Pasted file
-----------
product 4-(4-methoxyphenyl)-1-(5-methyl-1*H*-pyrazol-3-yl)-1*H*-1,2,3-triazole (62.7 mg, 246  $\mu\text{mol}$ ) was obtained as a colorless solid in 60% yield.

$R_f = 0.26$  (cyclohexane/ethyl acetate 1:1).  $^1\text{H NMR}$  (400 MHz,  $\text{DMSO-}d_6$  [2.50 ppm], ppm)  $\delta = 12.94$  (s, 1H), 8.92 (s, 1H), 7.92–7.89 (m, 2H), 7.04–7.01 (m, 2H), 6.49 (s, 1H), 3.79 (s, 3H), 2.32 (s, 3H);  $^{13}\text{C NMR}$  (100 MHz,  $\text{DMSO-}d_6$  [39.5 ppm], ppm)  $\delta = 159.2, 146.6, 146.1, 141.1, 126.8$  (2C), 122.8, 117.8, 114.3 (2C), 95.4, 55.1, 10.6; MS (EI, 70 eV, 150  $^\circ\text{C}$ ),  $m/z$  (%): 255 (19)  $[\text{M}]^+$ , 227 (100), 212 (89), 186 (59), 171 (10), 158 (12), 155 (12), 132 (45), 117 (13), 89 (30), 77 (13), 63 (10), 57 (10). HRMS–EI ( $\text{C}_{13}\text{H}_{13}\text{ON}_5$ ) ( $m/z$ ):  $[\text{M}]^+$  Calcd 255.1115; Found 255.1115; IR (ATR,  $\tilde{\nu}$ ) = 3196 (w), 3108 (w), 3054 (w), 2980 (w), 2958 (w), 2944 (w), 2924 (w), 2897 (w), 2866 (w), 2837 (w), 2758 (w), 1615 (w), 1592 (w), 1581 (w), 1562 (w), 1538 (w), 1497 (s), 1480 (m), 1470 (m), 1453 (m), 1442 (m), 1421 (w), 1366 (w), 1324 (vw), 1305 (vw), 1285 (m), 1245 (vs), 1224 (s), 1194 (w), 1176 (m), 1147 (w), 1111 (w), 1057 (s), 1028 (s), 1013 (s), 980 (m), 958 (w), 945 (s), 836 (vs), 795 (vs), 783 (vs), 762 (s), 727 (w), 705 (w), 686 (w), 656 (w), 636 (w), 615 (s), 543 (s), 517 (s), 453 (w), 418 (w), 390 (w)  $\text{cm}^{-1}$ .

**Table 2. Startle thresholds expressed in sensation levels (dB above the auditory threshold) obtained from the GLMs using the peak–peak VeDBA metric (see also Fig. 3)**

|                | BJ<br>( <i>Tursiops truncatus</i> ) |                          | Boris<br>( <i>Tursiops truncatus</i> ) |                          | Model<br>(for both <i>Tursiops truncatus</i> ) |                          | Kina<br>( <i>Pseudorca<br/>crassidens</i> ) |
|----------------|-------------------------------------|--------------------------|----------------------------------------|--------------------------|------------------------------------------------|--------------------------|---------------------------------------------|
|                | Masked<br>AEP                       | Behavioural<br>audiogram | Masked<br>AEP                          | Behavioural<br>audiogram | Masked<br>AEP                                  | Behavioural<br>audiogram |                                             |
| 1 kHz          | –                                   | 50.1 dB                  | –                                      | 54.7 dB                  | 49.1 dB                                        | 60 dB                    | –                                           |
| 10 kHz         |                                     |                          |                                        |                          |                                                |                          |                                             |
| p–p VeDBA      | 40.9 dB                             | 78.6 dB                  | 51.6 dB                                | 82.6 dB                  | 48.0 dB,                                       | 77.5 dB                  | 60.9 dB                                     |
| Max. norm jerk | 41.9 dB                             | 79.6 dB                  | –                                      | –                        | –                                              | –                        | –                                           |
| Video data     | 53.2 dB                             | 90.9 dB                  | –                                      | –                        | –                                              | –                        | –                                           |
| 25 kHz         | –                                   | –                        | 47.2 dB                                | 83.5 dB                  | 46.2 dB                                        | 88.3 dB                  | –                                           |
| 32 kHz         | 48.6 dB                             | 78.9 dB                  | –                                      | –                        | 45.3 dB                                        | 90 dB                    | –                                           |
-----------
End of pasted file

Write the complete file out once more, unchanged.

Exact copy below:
product 4-(4-methoxyphenyl)-1-(5-methyl-1*H*-pyrazol-3-yl)-1*H*-1,2,3-triazole (62.7 mg, 246  $\mu\text{mol}$ ) was obtained as a colorless solid in 60% yield.

$R_f = 0.26$  (cyclohexane/ethyl acetate 1:1).  $^1\text{H NMR}$  (400 MHz,  $\text{DMSO-}d_6$  [2.50 ppm], ppm)  $\delta = 12.94$  (s, 1H), 8.92 (s, 1H), 7.92–7.89 (m, 2H), 7.04–7.01 (m, 2H), 6.49 (s, 1H), 3.79 (s, 3H), 2.32 (s, 3H);  $^{13}\text{C NMR}$  (100 MHz,  $\text{DMSO-}d_6$  [39.5 ppm], ppm)  $\delta = 159.2, 146.6, 146.1, 141.1, 126.8$  (2C), 122.8, 117.8, 114.3 (2C), 95.4, 55.1, 10.6; MS (EI, 70 eV, 150  $^\circ\text{C}$ ),  $m/z$  (%): 255 (19)  $[\text{M}]^+$ , 227 (100), 212 (89), 186 (59), 171 (10), 158 (12), 155 (12), 132 (45), 117 (13), 89 (30), 77 (13), 63 (10), 57 (10). HRMS–EI ( $\text{C}_{13}\text{H}_{13}\text{ON}_5$ ) ( $m/z$ ):  $[\text{M}]^+$  Calcd 255.1115; Found 255.1115; IR (ATR,  $\tilde{\nu}$ ) = 3196 (w), 3108 (w), 3054 (w), 2980 (w), 2958 (w), 2944 (w), 2924 (w), 2897 (w), 2866 (w), 2837 (w), 2758 (w), 1615 (w), 1592 (w), 1581 (w), 1562 (w), 1538 (w), 1497 (s), 1480 (m), 1470 (m), 1453 (m), 1442 (m), 1421 (w), 1366 (w), 1324 (vw), 1305 (vw), 1285 (m), 1245 (vs), 1224 (s), 1194 (w), 1176 (m), 1147 (w), 1111 (w), 1057 (s), 1028 (s), 1013 (s), 980 (m), 958 (w), 945 (s), 836 (vs), 795 (vs), 783 (vs), 762 (s), 727 (w), 705 (w), 686 (w), 656 (w), 636 (w), 615 (s), 543 (s), 517 (s), 453 (w), 418 (w), 390 (w)  $\text{cm}^{-1}$ .

**Table 2. Startle thresholds expressed in sensation levels (dB above the auditory threshold) obtained from the GLMs using the peak–peak VeDBA metric (see also Fig. 3)**

|                | BJ<br>( <i>Tursiops truncatus</i> ) |                          | Boris<br>( <i>Tursiops truncatus</i> ) |                          | Model<br>(for both <i>Tursiops truncatus</i> ) |                          | Kina<br>( <i>Pseudorca<br/>crassidens</i> ) |
|----------------|-------------------------------------|--------------------------|----------------------------------------|--------------------------|------------------------------------------------|--------------------------|---------------------------------------------|
|                | Masked<br>AEP                       | Behavioural<br>audiogram | Masked<br>AEP                          | Behavioural<br>audiogram | Masked<br>AEP                                  | Behavioural<br>audiogram |                                             |
| 1 kHz          | –                                   | 50.1 dB                  | –                                      | 54.7 dB                  | 49.1 dB                                        | 60 dB                    | –                                           |
| 10 kHz         |                                     |                          |                                        |                          |                                                |                          |                                             |
| p–p VeDBA      | 40.9 dB                             | 78.6 dB                  | 51.6 dB                                | 82.6 dB                  | 48.0 dB,                                       | 77.5 dB                  | 60.9 dB                                     |
| Max. norm jerk | 41.9 dB                             | 79.6 dB                  | –                                      | –                        | –                                              | –                        | –                                           |
| Video data     | 53.2 dB                             | 90.9 dB                  | –                                      | –                        | –                                              | –                        | –                                           |
| 25 kHz         | –                                   | –                        | 47.2 dB                                | 83.5 dB                  | 46.2 dB                                        | 88.3 dB                  | –                                           |
| 32 kHz         | 48.6 dB                             | 78.9 dB                  | –                                      | –                        | 45.3 dB                                        | 90 dB                    | –                                           |